The Gartner team was in New York last month for the Big Show — the National Retail Federation’s showpiece event for retail technology.
I’ve attended seven consecutive Big Shows. Over that time I’ve seen new technology offerings emerge at a more rapid rate than retailers’ adoption, causing an increasingly large gap between availability and deployment. When I left the show last year, I felt something was needed to reduce this gap and for retailers to find technology they had to invest in, rather than just admire from a distance. I got my wish.
This year, to a large extent we saw technology vendors apply the brakes in terms of continued newness. This allowed retailers to pause for breath. They could look in more depth at the practical uses of technology from prior years that has become more familiar to them over time. Consequently, the show delivered relatively limited newness in terms of technology as the emphasis shifted toward focusing on what I saw as three big themes:
- Retailers renewing their focus on maximizing the utilization of their store portfolio
- Artificial intelligence and machine learning are the backbone of most new technologies
- Strong emerging focus on creating sustainable supply chain operations
Combined, these represent something of a return to the basics of retailing.
Retailers renew focus on maximizing utilization of their store portfolio
Leading retailers have for some time recognized the need to harmonize their store and online operations to present a more seamless shopping experience for consumers, so it was no surprise to see this ambition feature in the show.
During his opening keynote, Microsoft CEO Satya Nadella told retailers that “you have to be cool on your own” —encouraging them to develop their own technology strategy in order to differentiate their offering from the competition.
Interesting shifts in consumer preferences were evident from various presentations, especially in relation to younger shoppers. Even though much of their purchasing activity takes place through digital channels, 81% of teenagers say they prefer to shop in physical stores. In addition, virtually all (98%) Gen Z’ers say they prefer to shop at brick-and-mortar.
Such data points indicate the importance that younger shoppers place on their need for stores to play a dominant role in their shopping experience. Further, order fulfillment from store inventory and the growing role and importance of distributed order management technology continue to be an emphasis.
This requires retailers to become technology companies, using their data and analytical tools to create their own internal capabilities and expertise to fully understand consumer shopping behaviors.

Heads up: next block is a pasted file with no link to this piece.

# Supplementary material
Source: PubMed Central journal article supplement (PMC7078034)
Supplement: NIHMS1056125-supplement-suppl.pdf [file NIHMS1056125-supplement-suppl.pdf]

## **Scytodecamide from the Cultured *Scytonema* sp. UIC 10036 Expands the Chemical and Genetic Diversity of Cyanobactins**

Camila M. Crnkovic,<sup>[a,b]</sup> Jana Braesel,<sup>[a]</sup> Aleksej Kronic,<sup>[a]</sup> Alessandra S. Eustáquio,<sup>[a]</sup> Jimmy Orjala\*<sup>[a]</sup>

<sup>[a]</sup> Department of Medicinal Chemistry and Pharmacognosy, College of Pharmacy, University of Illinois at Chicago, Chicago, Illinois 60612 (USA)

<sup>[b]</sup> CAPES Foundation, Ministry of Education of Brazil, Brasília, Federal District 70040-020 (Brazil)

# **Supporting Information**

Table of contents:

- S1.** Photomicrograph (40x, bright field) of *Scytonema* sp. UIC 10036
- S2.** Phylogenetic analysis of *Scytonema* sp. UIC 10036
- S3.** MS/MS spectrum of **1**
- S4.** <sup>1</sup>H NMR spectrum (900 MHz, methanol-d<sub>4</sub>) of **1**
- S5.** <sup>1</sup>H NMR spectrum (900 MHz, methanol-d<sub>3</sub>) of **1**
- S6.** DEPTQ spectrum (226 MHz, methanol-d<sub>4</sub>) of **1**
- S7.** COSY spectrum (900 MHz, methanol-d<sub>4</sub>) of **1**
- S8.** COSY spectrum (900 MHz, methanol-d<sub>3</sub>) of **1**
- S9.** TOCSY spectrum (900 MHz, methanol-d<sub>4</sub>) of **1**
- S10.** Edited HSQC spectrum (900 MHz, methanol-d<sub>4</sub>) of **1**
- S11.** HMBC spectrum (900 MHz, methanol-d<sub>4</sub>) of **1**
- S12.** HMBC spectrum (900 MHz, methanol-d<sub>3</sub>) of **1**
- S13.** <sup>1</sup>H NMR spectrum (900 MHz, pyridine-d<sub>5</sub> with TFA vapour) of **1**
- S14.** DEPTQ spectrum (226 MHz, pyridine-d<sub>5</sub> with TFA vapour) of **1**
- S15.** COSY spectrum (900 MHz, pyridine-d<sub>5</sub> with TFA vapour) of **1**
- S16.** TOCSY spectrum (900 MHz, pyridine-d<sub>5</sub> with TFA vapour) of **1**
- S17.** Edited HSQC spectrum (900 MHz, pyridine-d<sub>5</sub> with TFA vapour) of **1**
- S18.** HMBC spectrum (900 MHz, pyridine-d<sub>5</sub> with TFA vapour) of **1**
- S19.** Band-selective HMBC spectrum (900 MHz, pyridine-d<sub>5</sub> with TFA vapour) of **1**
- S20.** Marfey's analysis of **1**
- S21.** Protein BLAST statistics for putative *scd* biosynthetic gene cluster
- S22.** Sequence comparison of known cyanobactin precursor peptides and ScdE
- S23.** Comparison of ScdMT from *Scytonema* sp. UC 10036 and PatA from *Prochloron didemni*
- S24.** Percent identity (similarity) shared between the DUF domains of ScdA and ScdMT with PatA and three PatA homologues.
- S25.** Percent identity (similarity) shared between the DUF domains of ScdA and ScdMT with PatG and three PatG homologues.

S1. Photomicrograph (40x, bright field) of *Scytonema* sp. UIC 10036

AI and machine learning are the backbone of most new technologies
AI and machine learning applications dominated the technology on display again this year. Messaging across a broad spectrum of vendors and application types was remarkably similar, with many using the same standard terminology. However, real-world use cases applicable to the supply chain were somewhat limited beyond planning.
At the show we frequently heard of retailers investing in improving customer data quality and capture, then leveraging technologies such as AI or machine learning to create further insight. The show illustrated many ideas on mining this new data currency. All around the show floor and the theater presentations, customer data was THE currency.
AI and machine learning featured heavily in showcasing robotics. In a departure from previous years, the robotics on display focused more on practical use cases within warehousing such as slotting, retrieval, inventory management, pick, pack and dispatch, and less on more futuristic potential use cases within store operations.
Strong emerging focus on creating sustainable supply chain operations
We saw a far stronger emphasis on sustainability and circular economy initiatives than in prior years. There were numerous retailer-driven presentations on emerging trends such as recommerce, product rental and sustainable packaging. Interestingly, some vendors also talked about how they could translate, for example, benefits derived from improved planning capabilities into CO2 or waste reduction impacts.
We experienced many conversations around consumers’ concerns about sustainability and retailers’ plans to either strongly invest in eco-friendly initiatives or grow awareness of existing efforts. Focus across many brands is being applied to areas such as managing their CO2 footprint, exploring near-shore production, increasing their volume of ethical trade, improving labor conditions and looking to reduce water usage and product packaging. When coupled with the emergent areas of recommerce, rental and sustainable packaging, it becomes clear just how wide the variety of initiatives focused on sustainable supply chain operations truly is.
Research Vice President,
Gartner Supply Chain
Source of cover image: National Retail Federation